Why can’t I get my sales to close? JOLT Rx can tell you
As we enter Q4, the pressure on sales people to get deals signed intensifies. So why are the sales that seemed like a perfect fit stalling?
October 17, 2022
October 3, 2020
One customer interaction can undermine an entire customer experience. One single, solitary phone call, chat message or customer support email can mean the difference between your customer’s positive perception of your brand and experience and their frustration with it, and eventual churn.
Especially the last part of that interaction. How did it go? Did you leave off on sound footing where you came to a natural closing or resolution? Or, did it leave a bad taste in your customer’s mouth — and an unfortunate lasting impression for your brand?
"78% of consumers share
that a single customer service interaction permanently changed
how they felt about a brand."
In a recent study our partner, Qualtrics, poured through thousands of customer journeys focused on understanding contact center customer experiences through the lense of 2,000 customer perspectives and 100 contact center agent perspectives. Their findings confirm that a whopping "78% of surveyed consumers indicated that a single contact center interaction permanently changed how they felt about a brand."
We’re seven months into a global pandemic that’s not going anywhere anytime soon. You don’t want to be leaving your customers’ needs and experiences behind while you rush off to meet sales quotas or try zigging instead of zagging your product or service in an unstable market climate. We invite you to grab a cup of coffee or your favorite loose-leaf tea, find a comfy seat and get ready to anatomize with us, if you will, an effortless customer interaction.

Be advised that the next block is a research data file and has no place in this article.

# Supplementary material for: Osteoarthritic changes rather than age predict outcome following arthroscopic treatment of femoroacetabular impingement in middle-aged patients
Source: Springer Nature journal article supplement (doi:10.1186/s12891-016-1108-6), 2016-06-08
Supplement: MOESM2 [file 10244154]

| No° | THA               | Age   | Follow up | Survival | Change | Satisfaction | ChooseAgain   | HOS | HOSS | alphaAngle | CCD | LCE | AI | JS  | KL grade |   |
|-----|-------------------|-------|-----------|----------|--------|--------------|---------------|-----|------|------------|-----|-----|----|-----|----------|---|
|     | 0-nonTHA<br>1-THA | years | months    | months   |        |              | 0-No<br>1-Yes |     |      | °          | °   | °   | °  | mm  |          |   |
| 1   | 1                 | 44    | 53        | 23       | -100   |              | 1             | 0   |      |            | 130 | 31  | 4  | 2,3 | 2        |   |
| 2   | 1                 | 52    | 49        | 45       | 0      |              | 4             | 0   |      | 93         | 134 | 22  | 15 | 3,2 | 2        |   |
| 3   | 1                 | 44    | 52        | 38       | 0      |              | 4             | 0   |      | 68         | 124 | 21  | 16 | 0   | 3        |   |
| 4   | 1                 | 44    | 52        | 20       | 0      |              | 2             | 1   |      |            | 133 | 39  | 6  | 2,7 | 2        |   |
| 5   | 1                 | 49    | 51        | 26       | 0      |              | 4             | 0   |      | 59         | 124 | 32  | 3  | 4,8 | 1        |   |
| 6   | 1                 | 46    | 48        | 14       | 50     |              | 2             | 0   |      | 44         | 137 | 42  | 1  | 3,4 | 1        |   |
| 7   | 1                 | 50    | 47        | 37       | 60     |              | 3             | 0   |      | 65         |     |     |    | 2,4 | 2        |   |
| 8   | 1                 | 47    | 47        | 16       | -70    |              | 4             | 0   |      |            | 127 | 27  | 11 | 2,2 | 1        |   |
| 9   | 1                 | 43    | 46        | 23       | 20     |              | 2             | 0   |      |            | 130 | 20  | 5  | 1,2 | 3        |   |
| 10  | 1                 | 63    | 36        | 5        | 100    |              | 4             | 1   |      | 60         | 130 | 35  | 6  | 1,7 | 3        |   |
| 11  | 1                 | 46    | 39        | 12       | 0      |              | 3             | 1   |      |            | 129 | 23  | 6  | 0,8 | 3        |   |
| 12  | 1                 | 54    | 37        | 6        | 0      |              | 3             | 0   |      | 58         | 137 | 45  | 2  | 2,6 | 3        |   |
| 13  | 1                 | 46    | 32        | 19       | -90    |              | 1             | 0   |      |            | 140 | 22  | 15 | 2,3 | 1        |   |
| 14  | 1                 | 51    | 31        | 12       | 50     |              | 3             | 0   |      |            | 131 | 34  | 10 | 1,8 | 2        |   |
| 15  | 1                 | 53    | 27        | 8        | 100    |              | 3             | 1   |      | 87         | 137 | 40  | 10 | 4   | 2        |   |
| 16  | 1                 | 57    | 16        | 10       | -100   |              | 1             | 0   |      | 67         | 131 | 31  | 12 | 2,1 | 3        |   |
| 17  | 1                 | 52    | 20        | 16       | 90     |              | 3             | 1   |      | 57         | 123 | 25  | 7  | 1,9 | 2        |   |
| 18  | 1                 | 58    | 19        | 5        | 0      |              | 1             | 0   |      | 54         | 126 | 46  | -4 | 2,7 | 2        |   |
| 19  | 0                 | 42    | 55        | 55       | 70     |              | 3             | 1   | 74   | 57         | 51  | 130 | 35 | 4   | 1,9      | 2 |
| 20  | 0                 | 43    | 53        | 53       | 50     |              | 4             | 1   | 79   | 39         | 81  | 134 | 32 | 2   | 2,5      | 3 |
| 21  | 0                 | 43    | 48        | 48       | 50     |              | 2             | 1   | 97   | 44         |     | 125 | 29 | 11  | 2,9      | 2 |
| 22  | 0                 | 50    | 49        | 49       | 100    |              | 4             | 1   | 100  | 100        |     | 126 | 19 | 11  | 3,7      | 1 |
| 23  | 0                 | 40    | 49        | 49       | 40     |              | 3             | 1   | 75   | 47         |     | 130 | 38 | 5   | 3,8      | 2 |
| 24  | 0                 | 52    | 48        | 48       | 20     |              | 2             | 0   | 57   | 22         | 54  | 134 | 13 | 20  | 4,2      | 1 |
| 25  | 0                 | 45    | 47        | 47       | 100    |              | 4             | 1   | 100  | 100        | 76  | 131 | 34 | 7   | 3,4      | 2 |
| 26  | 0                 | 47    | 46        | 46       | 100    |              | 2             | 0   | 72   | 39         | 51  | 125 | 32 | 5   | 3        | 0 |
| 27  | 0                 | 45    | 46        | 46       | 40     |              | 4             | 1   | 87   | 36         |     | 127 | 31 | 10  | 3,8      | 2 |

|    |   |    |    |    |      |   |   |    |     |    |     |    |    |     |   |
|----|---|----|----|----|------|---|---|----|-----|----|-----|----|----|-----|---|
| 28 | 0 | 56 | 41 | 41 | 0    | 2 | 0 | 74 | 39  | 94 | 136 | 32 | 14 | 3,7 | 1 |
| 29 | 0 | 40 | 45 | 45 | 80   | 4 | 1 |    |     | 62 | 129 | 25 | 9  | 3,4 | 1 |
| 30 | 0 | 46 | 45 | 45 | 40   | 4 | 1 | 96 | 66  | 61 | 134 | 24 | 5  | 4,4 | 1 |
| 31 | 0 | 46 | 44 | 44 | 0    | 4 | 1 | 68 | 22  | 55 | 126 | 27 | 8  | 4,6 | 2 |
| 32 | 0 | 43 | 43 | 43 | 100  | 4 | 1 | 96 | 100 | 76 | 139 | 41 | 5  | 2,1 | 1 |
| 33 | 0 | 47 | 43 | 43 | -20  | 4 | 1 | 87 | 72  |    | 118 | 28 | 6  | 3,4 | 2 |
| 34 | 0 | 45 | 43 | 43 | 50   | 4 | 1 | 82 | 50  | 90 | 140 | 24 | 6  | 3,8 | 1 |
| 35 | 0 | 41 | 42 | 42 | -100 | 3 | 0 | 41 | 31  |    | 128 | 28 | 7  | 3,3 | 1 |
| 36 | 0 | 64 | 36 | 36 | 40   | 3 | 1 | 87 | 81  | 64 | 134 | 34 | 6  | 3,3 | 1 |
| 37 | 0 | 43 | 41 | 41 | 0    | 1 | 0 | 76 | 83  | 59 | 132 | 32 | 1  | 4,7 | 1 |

Chapter 1: What is a customer interaction?
Chapter 2: What makes an interaction “effortless”?
Chapter 3: Typical components of an effortless customer interaction
Chapter 4: The quickest ways companies can reduce customer effort in their customer interactions
Chapter 5: Automate effort scoring and close the customer feedback loop to make every customer interaction effortless
Customer interactions come in many shapes and sizes these days — from the long and often drawn-out phone call to the quick chat message that you key in with all of your thumbs from your mobile phone on the way to pick up your kids from school finally (of course, never texting while driving!). But you get the idea.
What used to be just a visit to your brick-and-mortar or a phone call from a customer has evolved into a multitude of methods to interact with customers across a variety of virtual channels. Today's customers are engaging everywhere: from social media and open text messengers to live chatbots, email and SMS. Add in the tools your front-line staff use to respond (customer support ticketing systems and entire enterprise CRM solutions for the contact center), and you've got plenty of touchpoints where a customer interaction can potentially occur.
The first question to ask yourself:
How do you deliver on what you say you’ll deliver with the least possible effort for your customer?
And a customer’s journey (a.k.a. all the micro-interactions they have with your company across every channel, department and team) touches many parts of your business. From a customer service interaction over the phone with a customer care rep. in your contact center, to a live chat with your product support team online to a customer prospecting or account maintenance interaction via email with a business development manager or an account manager.
Even more, there are so many influencing factors that lead customers to choose a specific channel to communicate with companies: